Data overload

Members of Congress continue to press the Homeland Security Department to complete the national inventory of critical assets and infrastructure. And they are wondering why it's taking so long when the department has been working on it for more than a year.

The initiative did start slowly, admitted Robert Liscouski, DHS assistant secretary for infrastructure protection, but he said that was a good thing.

In fact, last week Liscouski told a joint hearing of two subcommittees of the House Select Committee on Homeland Security that he had hoped that there would be a slow start because otherwise the department might have gotten more information than it could handle at that point.

Now, however, officials are ready and eager to get all the information they can from state and local governments and the private sector, he said.

How far can you go?

Doing his own family tree is a passion for L. Reynolds Cahoon, the National Archives and Records Administration's chief information officer and assistant archivist. And he's in the perfect position to do it. He can trace his family back to the 11th century on one side and the 14th century on the other.

It makes him appreciate people who keep good records, he told a business group last week. In researching genealogy, Cahoon said he finds inspiration for his government job — preserving federal records.

"It's the legacy we need to leave to our great-great-great-grandchildren," he said.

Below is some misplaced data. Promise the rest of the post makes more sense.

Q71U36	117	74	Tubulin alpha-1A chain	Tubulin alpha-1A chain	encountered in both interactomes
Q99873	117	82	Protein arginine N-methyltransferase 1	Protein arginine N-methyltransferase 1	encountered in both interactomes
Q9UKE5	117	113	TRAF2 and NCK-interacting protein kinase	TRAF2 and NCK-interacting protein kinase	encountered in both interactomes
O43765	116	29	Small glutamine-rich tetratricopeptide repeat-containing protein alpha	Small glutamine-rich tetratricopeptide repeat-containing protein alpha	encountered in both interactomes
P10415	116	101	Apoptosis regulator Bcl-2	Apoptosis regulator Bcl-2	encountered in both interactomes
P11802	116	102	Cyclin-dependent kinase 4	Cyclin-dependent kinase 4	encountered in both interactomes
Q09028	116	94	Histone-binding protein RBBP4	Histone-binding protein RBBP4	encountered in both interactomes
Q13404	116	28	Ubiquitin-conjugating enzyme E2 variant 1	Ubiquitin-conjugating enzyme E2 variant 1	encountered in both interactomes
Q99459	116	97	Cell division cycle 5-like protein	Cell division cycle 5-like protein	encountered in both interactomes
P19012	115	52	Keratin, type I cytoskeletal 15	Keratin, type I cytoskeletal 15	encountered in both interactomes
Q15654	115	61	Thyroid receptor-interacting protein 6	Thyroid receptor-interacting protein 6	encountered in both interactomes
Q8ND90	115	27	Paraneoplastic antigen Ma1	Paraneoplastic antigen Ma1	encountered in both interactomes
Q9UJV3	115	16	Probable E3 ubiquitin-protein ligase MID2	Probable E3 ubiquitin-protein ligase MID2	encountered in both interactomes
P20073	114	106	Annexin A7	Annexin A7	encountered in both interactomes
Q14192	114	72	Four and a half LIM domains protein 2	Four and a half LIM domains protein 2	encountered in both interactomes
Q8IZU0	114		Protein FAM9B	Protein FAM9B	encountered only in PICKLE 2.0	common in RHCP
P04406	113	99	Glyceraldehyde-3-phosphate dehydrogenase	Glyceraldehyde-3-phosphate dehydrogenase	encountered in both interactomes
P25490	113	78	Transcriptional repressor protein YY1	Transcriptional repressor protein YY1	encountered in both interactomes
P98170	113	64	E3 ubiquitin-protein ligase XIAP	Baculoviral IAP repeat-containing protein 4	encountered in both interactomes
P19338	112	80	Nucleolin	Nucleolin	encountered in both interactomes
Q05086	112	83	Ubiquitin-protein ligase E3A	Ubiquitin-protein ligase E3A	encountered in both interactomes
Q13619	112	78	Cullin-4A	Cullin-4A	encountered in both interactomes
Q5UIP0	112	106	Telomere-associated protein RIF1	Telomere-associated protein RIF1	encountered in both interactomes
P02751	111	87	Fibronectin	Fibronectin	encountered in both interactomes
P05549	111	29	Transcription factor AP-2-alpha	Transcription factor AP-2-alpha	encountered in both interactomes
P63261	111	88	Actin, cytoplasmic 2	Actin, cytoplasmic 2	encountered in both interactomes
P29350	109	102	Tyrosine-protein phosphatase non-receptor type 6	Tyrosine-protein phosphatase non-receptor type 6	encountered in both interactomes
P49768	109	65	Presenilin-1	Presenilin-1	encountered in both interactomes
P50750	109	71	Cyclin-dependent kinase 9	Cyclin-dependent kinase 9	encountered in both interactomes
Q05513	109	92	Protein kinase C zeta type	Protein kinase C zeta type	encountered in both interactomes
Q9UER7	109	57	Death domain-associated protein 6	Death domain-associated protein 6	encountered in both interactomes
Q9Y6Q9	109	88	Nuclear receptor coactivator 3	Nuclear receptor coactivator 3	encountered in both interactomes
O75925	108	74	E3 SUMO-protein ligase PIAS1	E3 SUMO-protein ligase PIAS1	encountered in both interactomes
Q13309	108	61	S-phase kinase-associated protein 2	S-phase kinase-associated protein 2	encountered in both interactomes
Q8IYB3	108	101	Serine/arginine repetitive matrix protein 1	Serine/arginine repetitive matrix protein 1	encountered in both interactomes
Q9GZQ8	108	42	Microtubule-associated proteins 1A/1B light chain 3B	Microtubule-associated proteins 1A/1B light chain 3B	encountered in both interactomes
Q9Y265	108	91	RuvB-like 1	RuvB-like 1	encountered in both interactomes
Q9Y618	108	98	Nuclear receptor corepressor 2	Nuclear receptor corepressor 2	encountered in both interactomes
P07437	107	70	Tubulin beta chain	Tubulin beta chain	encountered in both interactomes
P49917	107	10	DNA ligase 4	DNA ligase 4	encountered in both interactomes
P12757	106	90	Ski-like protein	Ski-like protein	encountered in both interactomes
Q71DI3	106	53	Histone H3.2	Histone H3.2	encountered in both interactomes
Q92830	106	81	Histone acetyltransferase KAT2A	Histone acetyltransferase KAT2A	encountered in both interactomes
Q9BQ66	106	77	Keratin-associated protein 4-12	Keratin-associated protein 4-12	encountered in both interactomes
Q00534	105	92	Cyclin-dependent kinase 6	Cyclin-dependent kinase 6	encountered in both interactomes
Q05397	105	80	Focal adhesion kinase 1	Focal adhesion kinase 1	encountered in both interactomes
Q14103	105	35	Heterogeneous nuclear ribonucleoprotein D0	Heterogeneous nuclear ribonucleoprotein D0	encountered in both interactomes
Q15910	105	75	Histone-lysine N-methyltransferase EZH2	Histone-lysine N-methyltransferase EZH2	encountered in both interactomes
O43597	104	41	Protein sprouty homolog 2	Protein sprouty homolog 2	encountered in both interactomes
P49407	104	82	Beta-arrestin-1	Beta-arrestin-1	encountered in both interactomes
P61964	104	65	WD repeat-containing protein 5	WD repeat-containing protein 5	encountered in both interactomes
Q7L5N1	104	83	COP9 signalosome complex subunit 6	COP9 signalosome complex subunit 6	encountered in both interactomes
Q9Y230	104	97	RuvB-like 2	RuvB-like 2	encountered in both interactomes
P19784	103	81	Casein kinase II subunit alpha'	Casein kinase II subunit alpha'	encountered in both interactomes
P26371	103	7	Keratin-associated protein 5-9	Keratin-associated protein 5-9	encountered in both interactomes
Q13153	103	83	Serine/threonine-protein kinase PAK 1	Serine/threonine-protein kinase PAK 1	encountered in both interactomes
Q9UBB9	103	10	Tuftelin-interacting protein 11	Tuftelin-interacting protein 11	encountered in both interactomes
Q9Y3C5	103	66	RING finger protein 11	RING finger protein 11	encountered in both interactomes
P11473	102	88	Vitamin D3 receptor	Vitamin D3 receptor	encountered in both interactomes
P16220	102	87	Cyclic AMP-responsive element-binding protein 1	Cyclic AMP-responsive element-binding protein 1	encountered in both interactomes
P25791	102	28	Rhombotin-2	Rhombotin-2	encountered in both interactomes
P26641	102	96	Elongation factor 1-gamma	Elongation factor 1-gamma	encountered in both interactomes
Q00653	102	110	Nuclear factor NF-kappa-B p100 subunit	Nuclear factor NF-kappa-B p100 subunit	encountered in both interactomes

Online for all time

Meanwhile, the Department of Veterans Affairs is making information on grave site locations for veterans available online for the first time. The nationwide grave locator contains more than 3 million records of veterans and their dependents buried in the VA's 120 cemeteries. The records date to the establishment of the first national cemeteries during the Civil War and contain a treasure trove of information for genealogy buffs and family members.

The Web site — at — will be updated nightly with information on burials the previous day.

Making their votes count

Federally Employed Women recently launched an electronic map at www.few. org that provides statistics on the number of federal workers in every congressional district — broken out by county and agency.

"Federal employees are considered a large constituency, and we want legislators to know how many of their constituents are employed by the federal government," said FEW President Patricia Wolfe.

There's also a method behind their work. They want members of Congress to know how voting on workplace issues such as outsourcing and pensions will affect their constituents.

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